In January 2010 a family visiting St Mark's Cemetery in Picton snapped a photo apparently showing the ghosts of two children who died almost 60 years apart. The photo appeared in major newspapers across the country.
The children were believed to be Blanche Moon who was crushed to death in 1886 when a pile of sleepers that she and a number of children were playing on slipped, and David Shaw who was the son of a minister who died in 1946 from polio.
The photo gained considerable criticism within the Australian paranormal community with most claiming the photo was obviously photoshopped and that the children shown in the picture appeared to be wearing modern clothing.
The beautiful and iconic Camelot, used as a location for television series A Place to Call Home, also has a dark past.
Camelot stands on the site of explorer John Oxley's Kirkham Mill. John Horbury Hunt designed Camelot for James White of Cranebrook in the late 1880's.
White only enjoyed his dream home for only two years, passing away in 1890. His widow remained in the property until 1897 when she too passed away.
In 1901 it was purchased by by William Anderson and his wife Frances Faithfull.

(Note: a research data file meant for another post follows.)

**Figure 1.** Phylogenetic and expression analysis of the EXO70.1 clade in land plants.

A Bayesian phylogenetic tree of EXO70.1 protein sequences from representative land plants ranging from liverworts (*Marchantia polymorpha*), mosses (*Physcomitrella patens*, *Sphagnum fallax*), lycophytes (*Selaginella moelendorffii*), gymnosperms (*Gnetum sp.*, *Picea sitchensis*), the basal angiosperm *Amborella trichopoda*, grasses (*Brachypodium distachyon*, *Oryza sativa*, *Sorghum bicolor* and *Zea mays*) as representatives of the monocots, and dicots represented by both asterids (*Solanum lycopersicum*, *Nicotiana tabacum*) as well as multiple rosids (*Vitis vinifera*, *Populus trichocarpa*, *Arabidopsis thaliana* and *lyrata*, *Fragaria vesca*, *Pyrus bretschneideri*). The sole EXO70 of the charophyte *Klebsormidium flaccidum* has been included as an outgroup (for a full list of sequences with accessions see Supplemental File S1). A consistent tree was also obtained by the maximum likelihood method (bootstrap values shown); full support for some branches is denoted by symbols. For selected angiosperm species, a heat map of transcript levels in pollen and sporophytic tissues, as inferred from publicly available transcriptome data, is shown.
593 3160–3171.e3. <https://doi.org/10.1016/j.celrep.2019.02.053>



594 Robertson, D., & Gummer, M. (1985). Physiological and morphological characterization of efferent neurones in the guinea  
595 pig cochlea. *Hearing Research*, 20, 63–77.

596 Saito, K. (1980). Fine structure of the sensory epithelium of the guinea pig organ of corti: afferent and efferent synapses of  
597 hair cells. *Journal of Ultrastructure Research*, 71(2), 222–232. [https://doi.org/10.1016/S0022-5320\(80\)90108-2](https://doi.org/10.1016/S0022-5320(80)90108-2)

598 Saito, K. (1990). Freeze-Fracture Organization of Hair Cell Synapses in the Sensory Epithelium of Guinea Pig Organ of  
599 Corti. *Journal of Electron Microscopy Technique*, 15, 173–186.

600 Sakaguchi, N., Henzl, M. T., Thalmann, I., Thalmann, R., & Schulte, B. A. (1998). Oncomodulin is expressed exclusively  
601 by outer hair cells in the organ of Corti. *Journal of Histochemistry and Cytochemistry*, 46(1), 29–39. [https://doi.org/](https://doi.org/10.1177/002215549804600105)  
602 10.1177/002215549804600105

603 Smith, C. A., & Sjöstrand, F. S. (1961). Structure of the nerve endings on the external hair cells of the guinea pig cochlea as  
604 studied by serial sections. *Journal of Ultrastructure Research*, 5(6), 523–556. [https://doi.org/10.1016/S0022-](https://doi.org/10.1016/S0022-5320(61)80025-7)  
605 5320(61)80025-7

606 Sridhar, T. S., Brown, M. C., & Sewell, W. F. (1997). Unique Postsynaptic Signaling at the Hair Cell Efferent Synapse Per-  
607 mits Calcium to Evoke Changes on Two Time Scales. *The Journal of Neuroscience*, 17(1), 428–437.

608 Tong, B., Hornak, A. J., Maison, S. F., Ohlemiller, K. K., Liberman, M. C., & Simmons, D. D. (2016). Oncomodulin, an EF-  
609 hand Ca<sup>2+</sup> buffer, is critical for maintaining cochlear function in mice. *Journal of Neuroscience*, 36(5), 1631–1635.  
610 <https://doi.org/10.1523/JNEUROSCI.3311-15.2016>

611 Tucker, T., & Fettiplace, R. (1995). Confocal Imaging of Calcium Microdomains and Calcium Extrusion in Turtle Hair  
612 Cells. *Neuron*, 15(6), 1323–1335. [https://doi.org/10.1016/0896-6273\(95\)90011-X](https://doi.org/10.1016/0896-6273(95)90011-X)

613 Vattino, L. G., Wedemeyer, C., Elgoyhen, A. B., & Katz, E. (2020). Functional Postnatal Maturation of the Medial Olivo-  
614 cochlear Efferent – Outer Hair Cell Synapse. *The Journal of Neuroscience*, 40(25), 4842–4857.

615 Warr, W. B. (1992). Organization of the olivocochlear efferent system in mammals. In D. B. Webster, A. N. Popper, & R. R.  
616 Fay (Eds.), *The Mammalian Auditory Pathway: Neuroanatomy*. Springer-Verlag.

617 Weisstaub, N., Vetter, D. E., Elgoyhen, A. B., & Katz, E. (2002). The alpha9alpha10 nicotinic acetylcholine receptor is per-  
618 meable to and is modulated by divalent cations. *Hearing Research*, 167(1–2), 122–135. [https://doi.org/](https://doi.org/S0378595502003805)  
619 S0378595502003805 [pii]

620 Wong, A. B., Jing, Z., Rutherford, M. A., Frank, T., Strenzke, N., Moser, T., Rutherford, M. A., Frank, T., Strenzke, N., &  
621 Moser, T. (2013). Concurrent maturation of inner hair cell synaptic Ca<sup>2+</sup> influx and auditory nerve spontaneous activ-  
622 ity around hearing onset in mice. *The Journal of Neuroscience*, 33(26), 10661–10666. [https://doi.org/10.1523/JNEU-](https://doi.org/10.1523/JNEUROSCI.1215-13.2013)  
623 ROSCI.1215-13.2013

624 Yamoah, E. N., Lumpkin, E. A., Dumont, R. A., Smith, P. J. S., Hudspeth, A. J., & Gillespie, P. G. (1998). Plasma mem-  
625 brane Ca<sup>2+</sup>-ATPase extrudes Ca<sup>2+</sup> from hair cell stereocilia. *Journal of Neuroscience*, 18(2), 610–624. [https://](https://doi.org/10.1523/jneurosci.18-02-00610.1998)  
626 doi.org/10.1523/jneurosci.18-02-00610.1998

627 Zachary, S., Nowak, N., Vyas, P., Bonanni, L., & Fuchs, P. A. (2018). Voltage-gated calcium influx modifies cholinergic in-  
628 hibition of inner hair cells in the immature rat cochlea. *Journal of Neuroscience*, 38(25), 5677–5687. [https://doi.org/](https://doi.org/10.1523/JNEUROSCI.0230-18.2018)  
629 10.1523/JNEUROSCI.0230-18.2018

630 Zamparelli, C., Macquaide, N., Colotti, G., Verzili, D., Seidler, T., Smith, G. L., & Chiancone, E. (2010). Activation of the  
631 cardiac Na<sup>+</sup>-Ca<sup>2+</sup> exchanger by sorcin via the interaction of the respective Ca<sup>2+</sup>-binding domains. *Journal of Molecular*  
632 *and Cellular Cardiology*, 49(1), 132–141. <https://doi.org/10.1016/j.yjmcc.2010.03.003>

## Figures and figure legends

Tragedy struck the Andersons in 1912 when William committed suicide and Frances died in 1948. Their daughter, Clarice Vivian, never marrying or having children, remained in the property until her passing in 1979.
The tales of their deaths and the rumour that the house was haunted began to grow.
Campbelltown Town Hall Theatre, Campbelltown
You know the name but do you know the story of Campbelltown’s most famous ghost?
Fred Fisher was sent to Australia as a convict in 1816 and was later emancipated. He lived in Campbelltown and owned four farms by 1825.
On the evening of 17 June 1826, Fred Fisher disappeared.
The legend goes that four months later, a local farmer named John Farley was returning home from Patrick’s Inn, late one night in October 1826. On his way home, he passed a corner of the paddock that belonged to Fred, which adjoined George Worrall’s farm.
As he passed, he saw the figure of a man sitting on the fence of a bridge. As he got closer, he recognised the figure as Fred Fisher.
As he approached, John became horror-struck and realised that he was looking at a ghost. He claimed that the ghost was bathed in an eerie light and had blood dripping from a wound in his head.
Releasing a loud moan, the ghost beckoned to him, raised his arm and pointed to a creek back towards George Worrall’s farm before fading away.
After the encounter, John ran to a local hotel, ‘The Harrow’, in a state of shock, claiming he had seen the ghost of Fred Fisher.
Fred’s body was found in 1826 in the shallow grave just where the ghost had pointed.
George Worrall went to trial for Fred’s murder in a criminal court, on 2 February 1827. He was sentenced to death and executed three days later.
Fred Fisher’s ghost is said to wander through Queen Street’s buildings, especially the Campbelltown Town Hall Theatre which is now on the site of Fred’s home.